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Maine’s Puffin Population is on the Mend

Atlantic Puffins

This summer, I wrote about the boom experienced by the puffin colony on the island of Skellig Michael in Ireland. Conservation efforts targeting Skellig Michael seem to have been the cause of this boom, which was an exciting event despite the fact that it was far from enough to put a stop to the general decline that Ireland’s puffin population is currently experiencing.

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Puffins are sensitive to a number of threats. Climate change, changes in fish stocks, and habitat degradation can all be devastating to puffin numbers, especially thanks to the fact that puffins only produce one chick each year. Like many other vulnerable seabirds, they nest in large colonies and the well-being of these nesting colonies is vital to ensuring the future of the species.

Fortunately, conservation efforts targeting puffins have seen some measure of success. As is the case with the Skellig Michael colony, protections designed to give puffins the opportunity to breed safely tend to be rewarded by population growth. This is what is currently happening in Maine.

The puffins that reside along the Atlantic coast of Maine had a devastating year in 2021. Due to falling herring stocks, Maine’s puffins experienced widespread breeding failure in 2021 and the reproduction rate dropped sharply. For a species that breeds so slowly, this had the potential to set back conservation efforts by many years. Fortunately, a good year for a small fish called the Sand Lance has meant a great year for Maine’s Atlantic Puffins.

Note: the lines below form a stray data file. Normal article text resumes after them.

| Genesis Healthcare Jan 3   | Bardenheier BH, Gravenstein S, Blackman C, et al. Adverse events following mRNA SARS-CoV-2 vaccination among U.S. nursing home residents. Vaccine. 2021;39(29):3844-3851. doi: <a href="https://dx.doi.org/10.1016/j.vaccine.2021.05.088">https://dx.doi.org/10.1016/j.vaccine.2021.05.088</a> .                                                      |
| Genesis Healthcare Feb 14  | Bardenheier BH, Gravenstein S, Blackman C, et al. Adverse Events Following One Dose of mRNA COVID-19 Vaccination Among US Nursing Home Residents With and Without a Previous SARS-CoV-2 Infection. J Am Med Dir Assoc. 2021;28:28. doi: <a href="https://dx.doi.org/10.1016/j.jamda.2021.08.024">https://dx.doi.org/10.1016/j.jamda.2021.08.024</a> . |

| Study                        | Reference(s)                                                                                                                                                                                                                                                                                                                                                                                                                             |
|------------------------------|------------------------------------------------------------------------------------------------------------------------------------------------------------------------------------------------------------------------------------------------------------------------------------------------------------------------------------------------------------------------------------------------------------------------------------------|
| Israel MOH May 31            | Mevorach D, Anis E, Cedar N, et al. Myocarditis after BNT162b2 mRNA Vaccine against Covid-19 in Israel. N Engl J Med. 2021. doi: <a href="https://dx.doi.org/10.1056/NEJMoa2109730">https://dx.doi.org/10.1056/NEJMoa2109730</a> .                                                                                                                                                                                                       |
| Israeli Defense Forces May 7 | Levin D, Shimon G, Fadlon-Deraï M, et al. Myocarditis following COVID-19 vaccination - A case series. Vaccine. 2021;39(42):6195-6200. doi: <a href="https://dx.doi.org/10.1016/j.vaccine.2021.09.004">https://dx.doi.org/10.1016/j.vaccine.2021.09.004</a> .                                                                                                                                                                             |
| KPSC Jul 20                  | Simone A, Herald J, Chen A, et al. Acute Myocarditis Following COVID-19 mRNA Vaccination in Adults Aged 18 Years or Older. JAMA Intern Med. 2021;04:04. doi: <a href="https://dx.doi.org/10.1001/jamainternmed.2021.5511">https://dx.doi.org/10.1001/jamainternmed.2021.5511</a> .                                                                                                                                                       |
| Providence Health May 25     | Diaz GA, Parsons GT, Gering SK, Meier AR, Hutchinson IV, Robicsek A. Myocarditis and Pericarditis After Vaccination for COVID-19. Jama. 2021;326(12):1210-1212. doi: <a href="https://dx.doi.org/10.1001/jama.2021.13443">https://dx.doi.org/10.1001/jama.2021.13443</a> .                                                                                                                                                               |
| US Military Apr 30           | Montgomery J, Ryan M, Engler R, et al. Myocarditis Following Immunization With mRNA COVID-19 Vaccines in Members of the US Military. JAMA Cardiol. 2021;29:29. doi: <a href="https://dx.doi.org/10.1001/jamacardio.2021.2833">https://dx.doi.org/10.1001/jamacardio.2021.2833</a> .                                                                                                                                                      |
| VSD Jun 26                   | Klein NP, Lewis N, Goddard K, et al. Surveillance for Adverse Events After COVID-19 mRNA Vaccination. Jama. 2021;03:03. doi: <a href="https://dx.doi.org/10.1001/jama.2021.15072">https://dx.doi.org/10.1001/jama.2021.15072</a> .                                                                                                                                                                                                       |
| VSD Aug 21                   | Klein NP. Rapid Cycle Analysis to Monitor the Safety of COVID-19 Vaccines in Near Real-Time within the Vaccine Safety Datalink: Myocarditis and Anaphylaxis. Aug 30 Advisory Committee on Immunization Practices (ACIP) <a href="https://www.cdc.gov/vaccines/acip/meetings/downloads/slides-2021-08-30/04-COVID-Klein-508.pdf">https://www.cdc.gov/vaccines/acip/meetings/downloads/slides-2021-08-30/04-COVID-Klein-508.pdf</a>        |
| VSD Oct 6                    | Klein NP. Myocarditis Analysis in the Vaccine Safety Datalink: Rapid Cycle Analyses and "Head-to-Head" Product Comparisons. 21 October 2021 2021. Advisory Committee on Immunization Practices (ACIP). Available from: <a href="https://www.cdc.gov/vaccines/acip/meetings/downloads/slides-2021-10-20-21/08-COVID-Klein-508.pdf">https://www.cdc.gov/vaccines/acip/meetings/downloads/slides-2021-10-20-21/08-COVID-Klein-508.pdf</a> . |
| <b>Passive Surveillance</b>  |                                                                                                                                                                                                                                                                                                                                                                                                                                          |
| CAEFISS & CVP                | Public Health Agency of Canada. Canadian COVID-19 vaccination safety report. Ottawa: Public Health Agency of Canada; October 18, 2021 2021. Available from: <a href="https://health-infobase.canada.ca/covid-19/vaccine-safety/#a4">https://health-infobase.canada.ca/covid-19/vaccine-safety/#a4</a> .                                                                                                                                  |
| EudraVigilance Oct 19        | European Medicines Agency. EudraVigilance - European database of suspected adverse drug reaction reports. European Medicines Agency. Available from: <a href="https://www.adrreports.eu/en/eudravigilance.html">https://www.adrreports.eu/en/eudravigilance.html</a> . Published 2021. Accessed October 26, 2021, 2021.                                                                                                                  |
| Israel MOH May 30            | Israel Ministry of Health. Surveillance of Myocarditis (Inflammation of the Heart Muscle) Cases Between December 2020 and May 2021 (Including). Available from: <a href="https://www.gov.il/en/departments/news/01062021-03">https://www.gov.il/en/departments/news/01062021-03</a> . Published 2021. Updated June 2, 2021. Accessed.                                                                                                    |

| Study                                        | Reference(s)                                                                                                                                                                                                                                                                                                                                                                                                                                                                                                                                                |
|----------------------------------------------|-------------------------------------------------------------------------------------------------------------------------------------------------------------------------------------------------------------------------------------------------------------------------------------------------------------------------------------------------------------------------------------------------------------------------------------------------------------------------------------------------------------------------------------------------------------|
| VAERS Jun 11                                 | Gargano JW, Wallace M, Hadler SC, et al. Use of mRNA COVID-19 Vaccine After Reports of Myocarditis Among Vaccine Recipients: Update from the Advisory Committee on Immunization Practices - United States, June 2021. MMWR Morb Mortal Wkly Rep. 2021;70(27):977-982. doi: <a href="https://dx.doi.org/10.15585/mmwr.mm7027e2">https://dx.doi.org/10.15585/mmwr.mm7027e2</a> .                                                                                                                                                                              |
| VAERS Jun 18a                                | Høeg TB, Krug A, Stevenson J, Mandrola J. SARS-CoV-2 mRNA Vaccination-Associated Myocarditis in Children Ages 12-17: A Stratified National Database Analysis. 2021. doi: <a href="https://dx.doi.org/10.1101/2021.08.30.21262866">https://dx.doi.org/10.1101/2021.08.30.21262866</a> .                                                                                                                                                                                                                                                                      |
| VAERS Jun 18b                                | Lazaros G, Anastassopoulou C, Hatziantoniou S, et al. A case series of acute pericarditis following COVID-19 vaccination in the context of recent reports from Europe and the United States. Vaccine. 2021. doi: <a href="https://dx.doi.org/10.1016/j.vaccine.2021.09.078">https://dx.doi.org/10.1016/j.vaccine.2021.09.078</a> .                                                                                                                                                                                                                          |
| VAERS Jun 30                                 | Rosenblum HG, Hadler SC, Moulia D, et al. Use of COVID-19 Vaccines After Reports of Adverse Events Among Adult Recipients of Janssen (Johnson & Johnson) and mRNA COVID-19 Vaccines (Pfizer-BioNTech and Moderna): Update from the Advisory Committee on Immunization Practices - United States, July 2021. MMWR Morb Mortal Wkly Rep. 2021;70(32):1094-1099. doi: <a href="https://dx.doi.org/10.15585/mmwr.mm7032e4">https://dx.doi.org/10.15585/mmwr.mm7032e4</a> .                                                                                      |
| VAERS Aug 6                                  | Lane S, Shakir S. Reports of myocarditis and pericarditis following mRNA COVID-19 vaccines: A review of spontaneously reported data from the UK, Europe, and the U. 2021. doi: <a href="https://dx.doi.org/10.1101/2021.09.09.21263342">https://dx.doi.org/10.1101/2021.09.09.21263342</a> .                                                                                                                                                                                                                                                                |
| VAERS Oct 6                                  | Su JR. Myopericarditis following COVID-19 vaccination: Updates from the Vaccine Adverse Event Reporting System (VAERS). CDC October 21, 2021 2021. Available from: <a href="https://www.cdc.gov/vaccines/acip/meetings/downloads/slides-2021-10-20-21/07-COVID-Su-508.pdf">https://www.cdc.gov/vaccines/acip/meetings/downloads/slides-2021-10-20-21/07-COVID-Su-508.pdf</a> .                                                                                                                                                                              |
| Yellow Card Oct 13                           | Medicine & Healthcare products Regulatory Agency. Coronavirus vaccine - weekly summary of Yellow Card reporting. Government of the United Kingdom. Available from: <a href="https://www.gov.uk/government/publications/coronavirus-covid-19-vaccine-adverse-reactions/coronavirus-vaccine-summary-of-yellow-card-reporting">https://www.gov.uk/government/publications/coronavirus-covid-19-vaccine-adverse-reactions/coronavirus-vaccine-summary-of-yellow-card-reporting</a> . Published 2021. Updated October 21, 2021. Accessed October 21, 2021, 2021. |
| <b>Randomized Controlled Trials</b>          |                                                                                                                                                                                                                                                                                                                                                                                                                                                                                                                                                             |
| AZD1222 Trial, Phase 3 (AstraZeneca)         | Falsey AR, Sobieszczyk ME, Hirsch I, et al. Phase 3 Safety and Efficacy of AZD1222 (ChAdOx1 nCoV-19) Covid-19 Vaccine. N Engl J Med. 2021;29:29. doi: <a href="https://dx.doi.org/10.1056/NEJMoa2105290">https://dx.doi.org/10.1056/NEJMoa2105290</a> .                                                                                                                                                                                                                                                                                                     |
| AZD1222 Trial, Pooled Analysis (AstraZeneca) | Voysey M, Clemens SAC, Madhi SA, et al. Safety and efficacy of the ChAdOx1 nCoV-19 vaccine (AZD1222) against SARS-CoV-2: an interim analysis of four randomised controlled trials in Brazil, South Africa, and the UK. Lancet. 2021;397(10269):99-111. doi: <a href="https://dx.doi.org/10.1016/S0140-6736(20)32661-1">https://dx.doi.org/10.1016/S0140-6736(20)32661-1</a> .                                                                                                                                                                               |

Maine’s puffin colony holds special significance within the world of conservation. It is the only breeding population of Atlantic Puffins in the entirety of the United States. The success of this colony is tantamount to preventing the extinction of one of America’s most unique and charming birds.

At one point, the risk of extinction was almost insurmountable. In the early 1900s were hunted to near-extinction for their feathers and meat. The Maine puffin colony was established to address the imminent loss of America’s only puffins. It is monitored by the Audubon’s Seabird Restoration Program and has been for the last 50 years. When the program, dubbed “Project Puffin,” began, the colony’s breeding pairs were in the double digits. Now, after a banner year the puffins number roughly 3,000 individuals. But their position is precarious. 2021 proved that a single year of fish shortages can have catastrophic effects on this delicate population.

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